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GETDATE() -vs- fn NOW() Expand / Collapse
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Posted Thursday, May 19, 2005 1:36 PM
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Can someone help me understand when it is better to use GETDATE() as opposed to fn NOW()?

I obviously get the same result when I run them in Query Analyzer but I can't find any documentation concerning when you should use one over the other.

Thanks,

Bob Bridges

Post #183904
Posted Thursday, May 19, 2005 1:57 PM


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Actually now() is not a standard sql function.. are you sure that now is note a view or a user defined function that returns the getdate() value??
Post #183913
Posted Thursday, May 19, 2005 2:27 PM
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In Query Analyzer, I get the exact same results from the following two queries...

SELECT {fn NOW()}

SELECT GETDATE()

Post #183922
Posted Thursday, May 19, 2005 2:30 PM
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Using sql server 2000

Select Now()

------------------------
Server: Msg 195, Level 15, State 10, Line 1
'now' is not a recognized function name.

Post #183923
Posted Thursday, May 19, 2005 2:32 PM
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...And so do I ?

 

Post #183924
Posted Thursday, May 19, 2005 2:33 PM


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I agree that it returns the same thing.. but I can't find any reference of it in the books online nor yahoo... So I guess it's an undocumented command that returns the date. So that would be my reason not to use it .
Post #183925
Posted Thursday, May 19, 2005 2:55 PM
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Here's something my googling fished out...

Conversion of "NOW()" Access datatype in SQL Server 2000 datatype - GETDATE()








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Post #183933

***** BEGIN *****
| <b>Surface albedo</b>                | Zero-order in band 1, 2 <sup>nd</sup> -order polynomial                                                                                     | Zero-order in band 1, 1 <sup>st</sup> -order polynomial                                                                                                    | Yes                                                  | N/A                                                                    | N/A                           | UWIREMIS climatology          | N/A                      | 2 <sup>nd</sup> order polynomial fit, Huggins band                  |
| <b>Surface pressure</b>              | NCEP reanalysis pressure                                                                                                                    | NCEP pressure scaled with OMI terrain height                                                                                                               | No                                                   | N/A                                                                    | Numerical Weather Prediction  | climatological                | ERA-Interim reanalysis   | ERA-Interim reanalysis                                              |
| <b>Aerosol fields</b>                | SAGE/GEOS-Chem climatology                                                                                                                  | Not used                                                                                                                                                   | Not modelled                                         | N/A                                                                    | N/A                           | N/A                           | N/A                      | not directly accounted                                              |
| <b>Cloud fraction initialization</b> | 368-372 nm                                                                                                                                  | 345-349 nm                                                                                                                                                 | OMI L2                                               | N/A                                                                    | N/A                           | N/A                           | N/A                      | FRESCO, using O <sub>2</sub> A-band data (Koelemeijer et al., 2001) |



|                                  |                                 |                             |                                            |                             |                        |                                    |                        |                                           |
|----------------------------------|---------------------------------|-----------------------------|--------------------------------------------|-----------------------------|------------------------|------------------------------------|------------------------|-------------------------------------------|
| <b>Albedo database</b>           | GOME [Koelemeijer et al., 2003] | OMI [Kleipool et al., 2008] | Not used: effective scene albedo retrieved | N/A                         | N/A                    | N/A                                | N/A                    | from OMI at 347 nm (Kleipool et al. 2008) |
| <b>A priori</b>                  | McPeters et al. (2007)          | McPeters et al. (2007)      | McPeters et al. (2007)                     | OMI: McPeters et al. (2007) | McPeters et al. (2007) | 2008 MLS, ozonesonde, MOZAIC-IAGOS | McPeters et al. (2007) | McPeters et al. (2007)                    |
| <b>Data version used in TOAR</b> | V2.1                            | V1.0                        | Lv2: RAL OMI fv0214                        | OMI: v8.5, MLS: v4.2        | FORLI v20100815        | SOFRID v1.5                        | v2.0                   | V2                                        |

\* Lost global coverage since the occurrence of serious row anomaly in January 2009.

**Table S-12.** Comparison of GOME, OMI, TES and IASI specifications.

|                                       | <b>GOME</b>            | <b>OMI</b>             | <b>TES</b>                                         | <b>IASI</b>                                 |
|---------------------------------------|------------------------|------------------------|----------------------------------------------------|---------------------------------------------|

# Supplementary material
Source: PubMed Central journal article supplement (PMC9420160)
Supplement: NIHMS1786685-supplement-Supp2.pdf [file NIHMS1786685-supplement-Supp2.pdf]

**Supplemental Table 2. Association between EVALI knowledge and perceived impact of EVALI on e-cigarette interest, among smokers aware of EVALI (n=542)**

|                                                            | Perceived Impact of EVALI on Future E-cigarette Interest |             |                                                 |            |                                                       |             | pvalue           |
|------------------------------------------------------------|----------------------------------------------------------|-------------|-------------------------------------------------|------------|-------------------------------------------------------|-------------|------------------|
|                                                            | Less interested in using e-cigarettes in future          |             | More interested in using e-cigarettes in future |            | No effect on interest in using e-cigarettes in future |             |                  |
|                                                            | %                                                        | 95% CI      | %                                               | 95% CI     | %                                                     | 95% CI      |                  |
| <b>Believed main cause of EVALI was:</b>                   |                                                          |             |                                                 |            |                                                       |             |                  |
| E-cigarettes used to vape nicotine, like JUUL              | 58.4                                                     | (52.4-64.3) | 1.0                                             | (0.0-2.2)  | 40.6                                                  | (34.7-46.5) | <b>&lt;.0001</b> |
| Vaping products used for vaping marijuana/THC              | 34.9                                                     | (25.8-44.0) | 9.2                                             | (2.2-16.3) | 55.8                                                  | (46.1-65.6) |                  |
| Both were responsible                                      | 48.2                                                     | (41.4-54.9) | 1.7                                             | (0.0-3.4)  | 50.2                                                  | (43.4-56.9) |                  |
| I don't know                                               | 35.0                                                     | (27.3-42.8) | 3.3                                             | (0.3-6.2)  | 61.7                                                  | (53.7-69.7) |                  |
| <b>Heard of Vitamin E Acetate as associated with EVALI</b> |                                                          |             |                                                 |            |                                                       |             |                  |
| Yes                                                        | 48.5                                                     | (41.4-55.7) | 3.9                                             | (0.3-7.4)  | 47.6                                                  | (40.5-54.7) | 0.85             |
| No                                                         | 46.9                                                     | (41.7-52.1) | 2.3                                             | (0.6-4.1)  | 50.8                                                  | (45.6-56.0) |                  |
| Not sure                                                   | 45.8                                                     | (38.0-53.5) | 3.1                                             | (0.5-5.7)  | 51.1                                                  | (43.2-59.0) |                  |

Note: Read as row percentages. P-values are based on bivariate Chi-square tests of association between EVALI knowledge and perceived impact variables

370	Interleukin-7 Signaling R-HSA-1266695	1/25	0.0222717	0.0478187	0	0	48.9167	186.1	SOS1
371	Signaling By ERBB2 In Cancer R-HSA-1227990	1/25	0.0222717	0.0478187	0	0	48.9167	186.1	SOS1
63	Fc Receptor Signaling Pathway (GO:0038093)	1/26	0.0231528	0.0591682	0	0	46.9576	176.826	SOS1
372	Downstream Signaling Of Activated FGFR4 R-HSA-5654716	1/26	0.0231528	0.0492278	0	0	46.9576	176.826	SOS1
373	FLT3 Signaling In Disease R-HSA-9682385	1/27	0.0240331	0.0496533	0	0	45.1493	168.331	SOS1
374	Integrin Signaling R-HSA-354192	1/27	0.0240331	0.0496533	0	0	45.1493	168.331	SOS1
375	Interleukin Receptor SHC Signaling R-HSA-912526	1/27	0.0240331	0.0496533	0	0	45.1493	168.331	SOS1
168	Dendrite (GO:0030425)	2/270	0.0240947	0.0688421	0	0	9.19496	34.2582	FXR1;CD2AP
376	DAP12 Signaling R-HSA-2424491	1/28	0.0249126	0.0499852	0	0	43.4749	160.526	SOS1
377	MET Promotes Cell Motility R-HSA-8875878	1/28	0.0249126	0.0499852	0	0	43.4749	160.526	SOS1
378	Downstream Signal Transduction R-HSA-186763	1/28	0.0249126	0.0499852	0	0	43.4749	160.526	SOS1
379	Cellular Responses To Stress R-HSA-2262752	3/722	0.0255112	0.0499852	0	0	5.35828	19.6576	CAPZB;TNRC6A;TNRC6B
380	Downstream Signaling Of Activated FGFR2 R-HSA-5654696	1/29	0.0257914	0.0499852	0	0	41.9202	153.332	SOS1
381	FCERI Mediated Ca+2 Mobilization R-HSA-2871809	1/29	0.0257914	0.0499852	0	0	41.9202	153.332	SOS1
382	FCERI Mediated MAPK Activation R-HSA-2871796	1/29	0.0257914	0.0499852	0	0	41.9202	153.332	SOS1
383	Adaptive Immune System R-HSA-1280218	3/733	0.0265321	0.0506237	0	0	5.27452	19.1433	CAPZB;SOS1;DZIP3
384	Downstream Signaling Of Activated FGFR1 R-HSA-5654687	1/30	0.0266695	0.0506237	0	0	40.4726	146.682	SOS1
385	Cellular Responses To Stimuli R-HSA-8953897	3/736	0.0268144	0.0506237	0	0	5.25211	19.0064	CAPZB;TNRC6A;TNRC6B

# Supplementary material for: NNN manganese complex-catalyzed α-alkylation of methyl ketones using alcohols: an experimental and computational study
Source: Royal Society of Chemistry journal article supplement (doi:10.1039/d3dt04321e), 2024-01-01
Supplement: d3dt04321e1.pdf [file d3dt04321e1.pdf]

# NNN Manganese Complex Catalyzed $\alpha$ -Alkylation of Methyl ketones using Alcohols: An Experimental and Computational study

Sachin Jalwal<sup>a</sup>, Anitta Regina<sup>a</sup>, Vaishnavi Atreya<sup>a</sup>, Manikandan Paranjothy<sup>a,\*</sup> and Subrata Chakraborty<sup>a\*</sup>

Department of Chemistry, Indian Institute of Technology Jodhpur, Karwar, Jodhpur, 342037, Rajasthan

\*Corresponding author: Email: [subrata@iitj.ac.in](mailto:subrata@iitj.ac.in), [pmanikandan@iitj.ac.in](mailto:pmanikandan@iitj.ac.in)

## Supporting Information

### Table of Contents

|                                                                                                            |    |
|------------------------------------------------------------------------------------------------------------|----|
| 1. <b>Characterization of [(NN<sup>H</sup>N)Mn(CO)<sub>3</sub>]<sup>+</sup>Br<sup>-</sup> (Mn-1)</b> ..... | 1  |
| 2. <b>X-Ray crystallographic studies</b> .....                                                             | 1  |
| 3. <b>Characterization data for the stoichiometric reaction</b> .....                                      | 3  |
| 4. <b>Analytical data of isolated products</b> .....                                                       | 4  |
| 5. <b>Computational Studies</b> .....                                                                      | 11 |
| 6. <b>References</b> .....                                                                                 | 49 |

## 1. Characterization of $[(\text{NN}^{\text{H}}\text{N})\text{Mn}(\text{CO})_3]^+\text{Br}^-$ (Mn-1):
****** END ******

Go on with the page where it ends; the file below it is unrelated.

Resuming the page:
Posted Thursday, May 19, 2005 3:10 PM
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Don't know why it says datatype and not function though...

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Post #183936
Posted Thursday, May 19, 2005 3:31 PM
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Now() is used in both EXCEL and ACCESS to return the current date and time.

But it is undocumented in T-SQL a sure road to trouble.

HTH Mike

Post #183943
Posted Thursday, May 19, 2005 5:37 PM
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In addition to several replies advising to stay away from such undocumented features I did get this reply to my post on a ms newsgroup:


Anith Sen  Jul 14 2003, 4:02 pm     show options

GETDATE() is a T-SQL specific function which returns the current system date
and time. The SQL standard equivalent is CURRENT_TIMESTAMP which is
applicable in T-SQL as well. The {fn Now()} is an ODBC canonical function
which can be used in T-SQL since the OLE DB provider for SQL Server supports
them. There are no notable performance difference between these though. You
can also use canonical format like :

SELECT {fn CURRENT_TIMESTAMP()} AS "date & time",
       {fn CURRENT_DATE()} AS "date only",
       {fn CURRENT_TIME()} AS "time only" ;

 

Post #183958
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